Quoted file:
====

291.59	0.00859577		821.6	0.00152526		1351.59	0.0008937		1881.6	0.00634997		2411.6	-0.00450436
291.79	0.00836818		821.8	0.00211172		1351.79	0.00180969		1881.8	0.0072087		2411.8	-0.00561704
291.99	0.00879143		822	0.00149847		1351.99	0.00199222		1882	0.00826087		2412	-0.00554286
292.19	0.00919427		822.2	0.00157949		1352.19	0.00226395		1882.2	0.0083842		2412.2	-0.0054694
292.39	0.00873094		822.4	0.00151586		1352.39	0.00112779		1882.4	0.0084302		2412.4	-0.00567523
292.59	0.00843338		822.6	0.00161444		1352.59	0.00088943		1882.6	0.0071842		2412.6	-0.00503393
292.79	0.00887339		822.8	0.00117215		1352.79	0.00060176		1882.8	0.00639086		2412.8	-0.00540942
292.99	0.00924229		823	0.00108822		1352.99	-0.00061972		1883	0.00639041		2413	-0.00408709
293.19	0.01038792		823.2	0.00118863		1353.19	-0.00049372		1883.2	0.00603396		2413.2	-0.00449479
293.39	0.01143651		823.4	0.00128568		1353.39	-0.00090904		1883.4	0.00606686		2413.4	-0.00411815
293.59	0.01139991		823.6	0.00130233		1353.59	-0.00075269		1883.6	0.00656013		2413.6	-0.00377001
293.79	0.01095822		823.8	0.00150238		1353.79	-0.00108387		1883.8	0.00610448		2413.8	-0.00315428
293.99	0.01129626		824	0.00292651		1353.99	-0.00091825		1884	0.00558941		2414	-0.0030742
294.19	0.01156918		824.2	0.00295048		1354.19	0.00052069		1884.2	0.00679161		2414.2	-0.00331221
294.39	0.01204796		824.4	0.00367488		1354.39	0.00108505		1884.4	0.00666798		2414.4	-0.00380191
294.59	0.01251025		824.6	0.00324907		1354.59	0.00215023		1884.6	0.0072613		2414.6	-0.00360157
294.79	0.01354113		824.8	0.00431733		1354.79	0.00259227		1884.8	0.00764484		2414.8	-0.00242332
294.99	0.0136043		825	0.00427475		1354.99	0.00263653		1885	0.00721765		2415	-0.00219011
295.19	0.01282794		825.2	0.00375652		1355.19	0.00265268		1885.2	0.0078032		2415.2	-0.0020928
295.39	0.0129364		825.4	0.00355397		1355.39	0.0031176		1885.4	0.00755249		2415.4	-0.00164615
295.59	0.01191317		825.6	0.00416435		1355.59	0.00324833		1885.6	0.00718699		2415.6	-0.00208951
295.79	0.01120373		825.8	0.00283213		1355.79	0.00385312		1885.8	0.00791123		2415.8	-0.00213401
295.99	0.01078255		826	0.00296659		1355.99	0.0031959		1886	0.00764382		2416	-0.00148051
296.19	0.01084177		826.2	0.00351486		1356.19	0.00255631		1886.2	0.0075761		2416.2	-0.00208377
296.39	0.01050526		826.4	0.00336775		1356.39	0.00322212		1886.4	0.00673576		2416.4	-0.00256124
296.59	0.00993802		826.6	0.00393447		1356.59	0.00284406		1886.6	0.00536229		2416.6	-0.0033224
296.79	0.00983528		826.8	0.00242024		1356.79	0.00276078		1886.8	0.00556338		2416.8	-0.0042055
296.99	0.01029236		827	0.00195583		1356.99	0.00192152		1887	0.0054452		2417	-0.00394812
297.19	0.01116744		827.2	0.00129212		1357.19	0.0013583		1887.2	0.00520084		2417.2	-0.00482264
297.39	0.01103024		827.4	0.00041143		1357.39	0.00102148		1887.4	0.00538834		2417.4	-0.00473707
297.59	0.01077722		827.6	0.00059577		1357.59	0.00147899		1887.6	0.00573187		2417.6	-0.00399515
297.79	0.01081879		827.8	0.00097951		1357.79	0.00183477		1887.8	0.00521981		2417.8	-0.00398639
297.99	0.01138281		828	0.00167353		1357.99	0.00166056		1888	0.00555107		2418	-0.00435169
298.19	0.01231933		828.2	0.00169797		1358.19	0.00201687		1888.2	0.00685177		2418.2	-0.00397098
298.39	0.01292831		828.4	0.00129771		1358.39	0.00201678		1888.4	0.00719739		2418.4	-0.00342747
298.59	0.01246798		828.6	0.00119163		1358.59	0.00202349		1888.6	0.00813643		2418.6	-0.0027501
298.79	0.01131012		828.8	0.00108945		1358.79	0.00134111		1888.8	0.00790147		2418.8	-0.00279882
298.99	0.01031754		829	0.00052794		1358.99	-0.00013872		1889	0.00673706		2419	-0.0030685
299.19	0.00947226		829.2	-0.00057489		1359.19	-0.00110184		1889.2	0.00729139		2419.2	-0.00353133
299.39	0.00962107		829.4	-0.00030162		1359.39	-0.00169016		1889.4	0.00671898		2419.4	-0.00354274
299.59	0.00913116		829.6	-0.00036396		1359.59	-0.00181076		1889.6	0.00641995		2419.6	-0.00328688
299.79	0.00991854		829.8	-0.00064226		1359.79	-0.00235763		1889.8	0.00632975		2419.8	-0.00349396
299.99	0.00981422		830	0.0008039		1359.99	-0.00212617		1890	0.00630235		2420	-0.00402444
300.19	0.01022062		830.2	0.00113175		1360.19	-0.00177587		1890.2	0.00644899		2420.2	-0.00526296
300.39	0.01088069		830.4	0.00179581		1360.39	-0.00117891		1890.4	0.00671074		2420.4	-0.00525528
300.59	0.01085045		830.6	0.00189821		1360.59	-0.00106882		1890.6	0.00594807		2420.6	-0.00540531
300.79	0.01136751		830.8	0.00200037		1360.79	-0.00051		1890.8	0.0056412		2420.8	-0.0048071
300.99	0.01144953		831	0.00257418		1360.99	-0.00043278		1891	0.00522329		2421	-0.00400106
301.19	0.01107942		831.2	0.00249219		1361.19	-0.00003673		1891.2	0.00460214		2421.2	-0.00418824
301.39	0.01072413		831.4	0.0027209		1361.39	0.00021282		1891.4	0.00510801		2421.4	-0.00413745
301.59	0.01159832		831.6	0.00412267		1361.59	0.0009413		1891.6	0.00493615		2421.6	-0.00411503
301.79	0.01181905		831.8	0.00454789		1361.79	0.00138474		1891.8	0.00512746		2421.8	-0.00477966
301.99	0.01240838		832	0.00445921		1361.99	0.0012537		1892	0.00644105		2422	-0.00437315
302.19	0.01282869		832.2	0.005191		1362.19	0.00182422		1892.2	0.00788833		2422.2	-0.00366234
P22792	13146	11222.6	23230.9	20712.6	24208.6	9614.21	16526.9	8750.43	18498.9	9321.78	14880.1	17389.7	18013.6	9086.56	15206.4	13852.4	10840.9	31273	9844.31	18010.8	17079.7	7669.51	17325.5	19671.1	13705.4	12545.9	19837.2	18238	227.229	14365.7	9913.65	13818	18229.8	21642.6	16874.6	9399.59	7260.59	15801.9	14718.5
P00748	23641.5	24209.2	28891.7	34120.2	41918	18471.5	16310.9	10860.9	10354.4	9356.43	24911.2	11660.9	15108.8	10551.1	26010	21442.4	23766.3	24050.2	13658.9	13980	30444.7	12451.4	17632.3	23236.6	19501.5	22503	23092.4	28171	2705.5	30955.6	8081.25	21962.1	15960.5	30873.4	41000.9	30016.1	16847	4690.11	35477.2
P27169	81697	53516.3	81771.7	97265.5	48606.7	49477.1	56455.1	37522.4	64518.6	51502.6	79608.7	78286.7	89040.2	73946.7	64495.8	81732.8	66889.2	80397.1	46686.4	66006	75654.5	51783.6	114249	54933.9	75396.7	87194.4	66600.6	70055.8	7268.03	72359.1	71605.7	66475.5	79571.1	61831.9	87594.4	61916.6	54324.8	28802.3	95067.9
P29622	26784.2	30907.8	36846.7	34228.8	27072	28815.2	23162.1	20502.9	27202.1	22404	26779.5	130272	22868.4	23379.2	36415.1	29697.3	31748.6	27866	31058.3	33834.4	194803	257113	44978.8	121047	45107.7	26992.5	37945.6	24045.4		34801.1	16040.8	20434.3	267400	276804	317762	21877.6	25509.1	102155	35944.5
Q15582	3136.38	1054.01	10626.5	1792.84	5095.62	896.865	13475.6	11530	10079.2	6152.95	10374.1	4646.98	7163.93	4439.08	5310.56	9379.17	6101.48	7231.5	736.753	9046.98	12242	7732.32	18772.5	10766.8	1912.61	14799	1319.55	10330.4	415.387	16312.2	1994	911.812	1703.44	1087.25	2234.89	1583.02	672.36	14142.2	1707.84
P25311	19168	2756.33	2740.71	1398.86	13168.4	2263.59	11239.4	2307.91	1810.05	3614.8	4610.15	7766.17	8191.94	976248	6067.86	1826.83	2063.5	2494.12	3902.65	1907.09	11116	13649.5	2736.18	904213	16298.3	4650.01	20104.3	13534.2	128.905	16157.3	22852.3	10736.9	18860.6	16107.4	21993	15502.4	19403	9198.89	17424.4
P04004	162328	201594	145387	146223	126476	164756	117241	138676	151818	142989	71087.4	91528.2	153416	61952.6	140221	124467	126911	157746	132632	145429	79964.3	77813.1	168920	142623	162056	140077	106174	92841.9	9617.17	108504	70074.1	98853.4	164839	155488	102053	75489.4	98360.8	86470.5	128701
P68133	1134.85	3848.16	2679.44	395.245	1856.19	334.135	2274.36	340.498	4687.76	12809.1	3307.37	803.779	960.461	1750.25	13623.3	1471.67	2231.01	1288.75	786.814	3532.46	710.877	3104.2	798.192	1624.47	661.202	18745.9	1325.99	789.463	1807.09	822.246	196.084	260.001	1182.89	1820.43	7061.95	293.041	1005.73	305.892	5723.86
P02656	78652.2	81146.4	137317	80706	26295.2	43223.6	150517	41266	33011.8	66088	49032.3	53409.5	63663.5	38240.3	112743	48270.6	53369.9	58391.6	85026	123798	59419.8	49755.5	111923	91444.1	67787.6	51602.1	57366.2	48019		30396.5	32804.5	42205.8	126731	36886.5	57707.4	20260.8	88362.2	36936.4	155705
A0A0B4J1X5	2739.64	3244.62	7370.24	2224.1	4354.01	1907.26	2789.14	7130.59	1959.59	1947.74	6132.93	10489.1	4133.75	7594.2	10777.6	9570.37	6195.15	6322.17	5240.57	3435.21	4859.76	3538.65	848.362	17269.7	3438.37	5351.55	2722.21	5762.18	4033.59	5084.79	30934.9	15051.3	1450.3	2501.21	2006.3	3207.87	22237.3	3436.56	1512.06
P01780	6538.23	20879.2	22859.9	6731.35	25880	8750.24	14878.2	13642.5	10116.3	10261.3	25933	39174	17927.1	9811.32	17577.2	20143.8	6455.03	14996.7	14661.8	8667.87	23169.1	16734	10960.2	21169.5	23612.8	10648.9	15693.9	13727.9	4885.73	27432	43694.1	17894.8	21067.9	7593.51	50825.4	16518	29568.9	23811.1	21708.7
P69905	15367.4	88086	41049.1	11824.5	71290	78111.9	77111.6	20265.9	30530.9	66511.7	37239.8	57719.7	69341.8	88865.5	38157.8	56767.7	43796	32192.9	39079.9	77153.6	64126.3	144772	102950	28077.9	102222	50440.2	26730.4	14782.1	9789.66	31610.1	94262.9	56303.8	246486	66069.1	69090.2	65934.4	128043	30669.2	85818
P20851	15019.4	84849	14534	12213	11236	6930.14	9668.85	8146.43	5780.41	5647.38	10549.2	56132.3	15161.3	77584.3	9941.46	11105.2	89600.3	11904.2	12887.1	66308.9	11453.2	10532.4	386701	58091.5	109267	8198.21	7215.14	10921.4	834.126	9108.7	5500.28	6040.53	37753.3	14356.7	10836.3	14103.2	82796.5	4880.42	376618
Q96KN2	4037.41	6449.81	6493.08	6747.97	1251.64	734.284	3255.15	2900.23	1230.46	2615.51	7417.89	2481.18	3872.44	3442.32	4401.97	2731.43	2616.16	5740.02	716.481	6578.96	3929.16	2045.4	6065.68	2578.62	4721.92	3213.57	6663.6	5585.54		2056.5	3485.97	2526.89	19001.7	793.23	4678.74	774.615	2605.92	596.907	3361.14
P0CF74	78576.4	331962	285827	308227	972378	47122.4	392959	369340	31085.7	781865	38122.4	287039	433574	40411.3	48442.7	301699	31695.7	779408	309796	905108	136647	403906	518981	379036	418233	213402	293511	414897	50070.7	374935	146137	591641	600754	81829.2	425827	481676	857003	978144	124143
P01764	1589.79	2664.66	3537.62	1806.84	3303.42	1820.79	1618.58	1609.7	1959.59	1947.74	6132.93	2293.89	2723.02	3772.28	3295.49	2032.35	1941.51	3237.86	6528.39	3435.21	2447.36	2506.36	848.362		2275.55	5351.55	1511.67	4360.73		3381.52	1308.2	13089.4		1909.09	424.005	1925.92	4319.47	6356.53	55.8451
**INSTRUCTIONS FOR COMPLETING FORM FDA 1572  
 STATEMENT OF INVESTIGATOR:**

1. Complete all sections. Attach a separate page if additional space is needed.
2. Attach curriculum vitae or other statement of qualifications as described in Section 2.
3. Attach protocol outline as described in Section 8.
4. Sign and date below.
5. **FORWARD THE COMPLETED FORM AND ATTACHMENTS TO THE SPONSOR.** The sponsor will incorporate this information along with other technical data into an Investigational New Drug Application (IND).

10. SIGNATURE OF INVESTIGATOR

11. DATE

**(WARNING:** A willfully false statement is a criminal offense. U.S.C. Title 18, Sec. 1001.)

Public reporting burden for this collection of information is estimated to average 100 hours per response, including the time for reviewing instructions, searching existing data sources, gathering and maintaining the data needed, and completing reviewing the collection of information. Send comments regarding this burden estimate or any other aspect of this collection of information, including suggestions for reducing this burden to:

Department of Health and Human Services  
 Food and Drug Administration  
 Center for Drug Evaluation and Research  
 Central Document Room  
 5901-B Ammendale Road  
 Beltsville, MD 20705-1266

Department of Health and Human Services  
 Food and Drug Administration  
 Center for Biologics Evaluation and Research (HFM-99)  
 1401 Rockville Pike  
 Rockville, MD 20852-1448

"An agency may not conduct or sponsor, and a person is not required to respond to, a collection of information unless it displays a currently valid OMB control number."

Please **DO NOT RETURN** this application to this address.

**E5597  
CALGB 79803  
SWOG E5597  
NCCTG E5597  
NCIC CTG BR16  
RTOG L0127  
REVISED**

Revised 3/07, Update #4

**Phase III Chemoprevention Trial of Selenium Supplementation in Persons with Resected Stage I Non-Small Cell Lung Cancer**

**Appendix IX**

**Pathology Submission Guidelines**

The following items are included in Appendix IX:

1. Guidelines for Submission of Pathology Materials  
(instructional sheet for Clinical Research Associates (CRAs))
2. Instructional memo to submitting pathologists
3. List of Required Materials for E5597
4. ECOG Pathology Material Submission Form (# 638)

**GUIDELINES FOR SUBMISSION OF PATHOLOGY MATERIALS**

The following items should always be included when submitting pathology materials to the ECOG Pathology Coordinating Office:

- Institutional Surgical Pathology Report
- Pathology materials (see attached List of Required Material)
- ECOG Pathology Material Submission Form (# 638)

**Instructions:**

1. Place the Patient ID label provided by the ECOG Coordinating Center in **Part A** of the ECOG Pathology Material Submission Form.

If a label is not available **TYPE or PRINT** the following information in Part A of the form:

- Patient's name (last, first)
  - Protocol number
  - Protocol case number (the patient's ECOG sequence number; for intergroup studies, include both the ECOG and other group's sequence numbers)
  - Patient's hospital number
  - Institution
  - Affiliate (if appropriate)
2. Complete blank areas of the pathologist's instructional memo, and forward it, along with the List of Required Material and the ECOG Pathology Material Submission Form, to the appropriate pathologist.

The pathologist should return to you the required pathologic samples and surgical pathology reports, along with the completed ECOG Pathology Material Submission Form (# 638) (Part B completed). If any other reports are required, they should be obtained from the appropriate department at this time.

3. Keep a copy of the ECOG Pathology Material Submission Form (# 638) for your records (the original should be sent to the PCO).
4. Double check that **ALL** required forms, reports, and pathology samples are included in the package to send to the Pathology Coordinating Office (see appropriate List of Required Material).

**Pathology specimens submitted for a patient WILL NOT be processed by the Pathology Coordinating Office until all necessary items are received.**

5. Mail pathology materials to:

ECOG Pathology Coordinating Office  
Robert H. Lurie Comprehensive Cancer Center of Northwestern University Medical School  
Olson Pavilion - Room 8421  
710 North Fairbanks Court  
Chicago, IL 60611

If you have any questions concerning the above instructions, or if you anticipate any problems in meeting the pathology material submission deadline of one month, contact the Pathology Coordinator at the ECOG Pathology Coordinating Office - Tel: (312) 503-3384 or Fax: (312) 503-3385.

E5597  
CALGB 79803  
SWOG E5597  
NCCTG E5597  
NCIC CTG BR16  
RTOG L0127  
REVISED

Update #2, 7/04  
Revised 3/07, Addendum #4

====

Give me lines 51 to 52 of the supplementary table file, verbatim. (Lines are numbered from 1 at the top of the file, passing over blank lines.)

301.59	0.01159832		831.6	0.00412267		1361.59	0.0009413		1891.6	0.00493615		2421.6	-0.00411503
301.79	0.01181905		831.8	0.00454789		1361.79	0.00138474		1891.8	0.00512746		2421.8	-0.00477966